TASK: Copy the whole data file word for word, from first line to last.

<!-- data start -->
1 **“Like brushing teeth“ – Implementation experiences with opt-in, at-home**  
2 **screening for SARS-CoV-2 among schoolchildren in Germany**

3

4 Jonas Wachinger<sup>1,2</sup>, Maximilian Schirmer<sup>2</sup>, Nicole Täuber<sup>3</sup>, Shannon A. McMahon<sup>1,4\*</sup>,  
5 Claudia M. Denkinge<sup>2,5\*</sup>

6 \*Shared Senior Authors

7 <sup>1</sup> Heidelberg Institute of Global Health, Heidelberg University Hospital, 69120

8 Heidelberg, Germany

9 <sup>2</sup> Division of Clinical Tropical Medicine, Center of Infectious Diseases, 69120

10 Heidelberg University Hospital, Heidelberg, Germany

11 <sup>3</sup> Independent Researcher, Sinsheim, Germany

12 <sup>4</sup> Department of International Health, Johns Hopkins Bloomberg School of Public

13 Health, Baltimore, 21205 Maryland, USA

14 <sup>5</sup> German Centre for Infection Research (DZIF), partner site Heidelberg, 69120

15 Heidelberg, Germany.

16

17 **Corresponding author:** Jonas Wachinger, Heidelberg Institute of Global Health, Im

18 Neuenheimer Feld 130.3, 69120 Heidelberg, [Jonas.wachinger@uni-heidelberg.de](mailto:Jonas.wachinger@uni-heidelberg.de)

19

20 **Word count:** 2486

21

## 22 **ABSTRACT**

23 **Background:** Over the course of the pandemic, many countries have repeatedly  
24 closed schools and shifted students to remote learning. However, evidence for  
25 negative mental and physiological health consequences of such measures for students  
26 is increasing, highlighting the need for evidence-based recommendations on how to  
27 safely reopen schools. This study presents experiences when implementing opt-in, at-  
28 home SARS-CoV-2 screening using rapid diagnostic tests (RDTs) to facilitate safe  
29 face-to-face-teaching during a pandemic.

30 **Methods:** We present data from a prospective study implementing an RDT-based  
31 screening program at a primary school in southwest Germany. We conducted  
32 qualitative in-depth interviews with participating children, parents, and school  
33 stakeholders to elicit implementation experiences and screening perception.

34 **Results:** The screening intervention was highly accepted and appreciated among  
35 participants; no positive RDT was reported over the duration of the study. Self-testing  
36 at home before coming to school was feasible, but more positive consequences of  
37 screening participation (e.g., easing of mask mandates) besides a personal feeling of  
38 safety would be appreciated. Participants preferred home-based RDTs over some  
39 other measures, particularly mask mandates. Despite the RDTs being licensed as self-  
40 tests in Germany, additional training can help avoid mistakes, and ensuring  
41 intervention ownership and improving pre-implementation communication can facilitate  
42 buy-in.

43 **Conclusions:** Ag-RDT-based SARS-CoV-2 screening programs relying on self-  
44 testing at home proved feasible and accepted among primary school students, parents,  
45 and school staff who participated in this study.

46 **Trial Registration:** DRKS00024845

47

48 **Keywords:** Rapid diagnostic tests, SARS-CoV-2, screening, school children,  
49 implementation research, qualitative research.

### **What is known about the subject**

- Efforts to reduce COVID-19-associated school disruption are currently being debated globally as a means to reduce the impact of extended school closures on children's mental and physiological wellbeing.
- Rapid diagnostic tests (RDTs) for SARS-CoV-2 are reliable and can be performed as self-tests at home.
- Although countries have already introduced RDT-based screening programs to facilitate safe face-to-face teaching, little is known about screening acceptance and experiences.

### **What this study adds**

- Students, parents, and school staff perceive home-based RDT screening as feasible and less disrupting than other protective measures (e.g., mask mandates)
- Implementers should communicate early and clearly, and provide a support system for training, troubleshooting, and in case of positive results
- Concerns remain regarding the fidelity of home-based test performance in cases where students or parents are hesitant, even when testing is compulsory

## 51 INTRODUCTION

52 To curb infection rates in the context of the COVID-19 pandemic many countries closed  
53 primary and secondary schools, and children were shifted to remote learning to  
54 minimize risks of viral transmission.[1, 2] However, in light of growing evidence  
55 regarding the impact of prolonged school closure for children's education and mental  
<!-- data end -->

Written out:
1 **“Like brushing teeth“ – Implementation experiences with opt-in, at-home**  
2 **screening for SARS-CoV-2 among schoolchildren in Germany**

3

4 Jonas Wachinger<sup>1,2</sup>, Maximilian Schirmer<sup>2</sup>, Nicole Täuber<sup>3</sup>, Shannon A. McMahon<sup>1,4\*</sup>,  
5 Claudia M. Denkinge<sup>2,5\*</sup>

6 \*Shared Senior Authors

7 <sup>1</sup> Heidelberg Institute of Global Health, Heidelberg University Hospital, 69120

8 Heidelberg, Germany

9 <sup>2</sup> Division of Clinical Tropical Medicine, Center of Infectious Diseases, 69120

10 Heidelberg University Hospital, Heidelberg, Germany

11 <sup>3</sup> Independent Researcher, Sinsheim, Germany

12 <sup>4</sup> Department of International Health, Johns Hopkins Bloomberg School of Public

13 Health, Baltimore, 21205 Maryland, USA

14 <sup>5</sup> German Centre for Infection Research (DZIF), partner site Heidelberg, 69120

15 Heidelberg, Germany.

16

17 **Corresponding author:** Jonas Wachinger, Heidelberg Institute of Global Health, Im

18 Neuenheimer Feld 130.3, 69120 Heidelberg, [Jonas.wachinger@uni-heidelberg.de](mailto:Jonas.wachinger@uni-heidelberg.de)

19

20 **Word count:** 2486

21

## 22 **ABSTRACT**

23 **Background:** Over the course of the pandemic, many countries have repeatedly  
24 closed schools and shifted students to remote learning. However, evidence for  
25 negative mental and physiological health consequences of such measures for students  
26 is increasing, highlighting the need for evidence-based recommendations on how to  
27 safely reopen schools. This study presents experiences when implementing opt-in, at-  
28 home SARS-CoV-2 screening using rapid diagnostic tests (RDTs) to facilitate safe  
29 face-to-face-teaching during a pandemic.

30 **Methods:** We present data from a prospective study implementing an RDT-based  
31 screening program at a primary school in southwest Germany. We conducted  
32 qualitative in-depth interviews with participating children, parents, and school  
33 stakeholders to elicit implementation experiences and screening perception.

34 **Results:** The screening intervention was highly accepted and appreciated among  
35 participants; no positive RDT was reported over the duration of the study. Self-testing  
36 at home before coming to school was feasible, but more positive consequences of  
37 screening participation (e.g., easing of mask mandates) besides a personal feeling of  
38 safety would be appreciated. Participants preferred home-based RDTs over some  
39 other measures, particularly mask mandates. Despite the RDTs being licensed as self-  
40 tests in Germany, additional training can help avoid mistakes, and ensuring  
41 intervention ownership and improving pre-implementation communication can facilitate  
42 buy-in.

43 **Conclusions:** Ag-RDT-based SARS-CoV-2 screening programs relying on self-  
44 testing at home proved feasible and accepted among primary school students, parents,  
45 and school staff who participated in this study.

46 **Trial Registration:** DRKS00024845

47

48 **Keywords:** Rapid diagnostic tests, SARS-CoV-2, screening, school children,  
49 implementation research, qualitative research.

### **What is known about the subject**

- Efforts to reduce COVID-19-associated school disruption are currently being debated globally as a means to reduce the impact of extended school closures on children's mental and physiological wellbeing.
- Rapid diagnostic tests (RDTs) for SARS-CoV-2 are reliable and can be performed as self-tests at home.
- Although countries have already introduced RDT-based screening programs to facilitate safe face-to-face teaching, little is known about screening acceptance and experiences.

### **What this study adds**

- Students, parents, and school staff perceive home-based RDT screening as feasible and less disrupting than other protective measures (e.g., mask mandates)
- Implementers should communicate early and clearly, and provide a support system for training, troubleshooting, and in case of positive results
- Concerns remain regarding the fidelity of home-based test performance in cases where students or parents are hesitant, even when testing is compulsory

## 51 INTRODUCTION

52 To curb infection rates in the context of the COVID-19 pandemic many countries closed  
53 primary and secondary schools, and children were shifted to remote learning to  
54 minimize risks of viral transmission.[1, 2] However, in light of growing evidence  
55 regarding the impact of prolonged school closure for children's education and mental  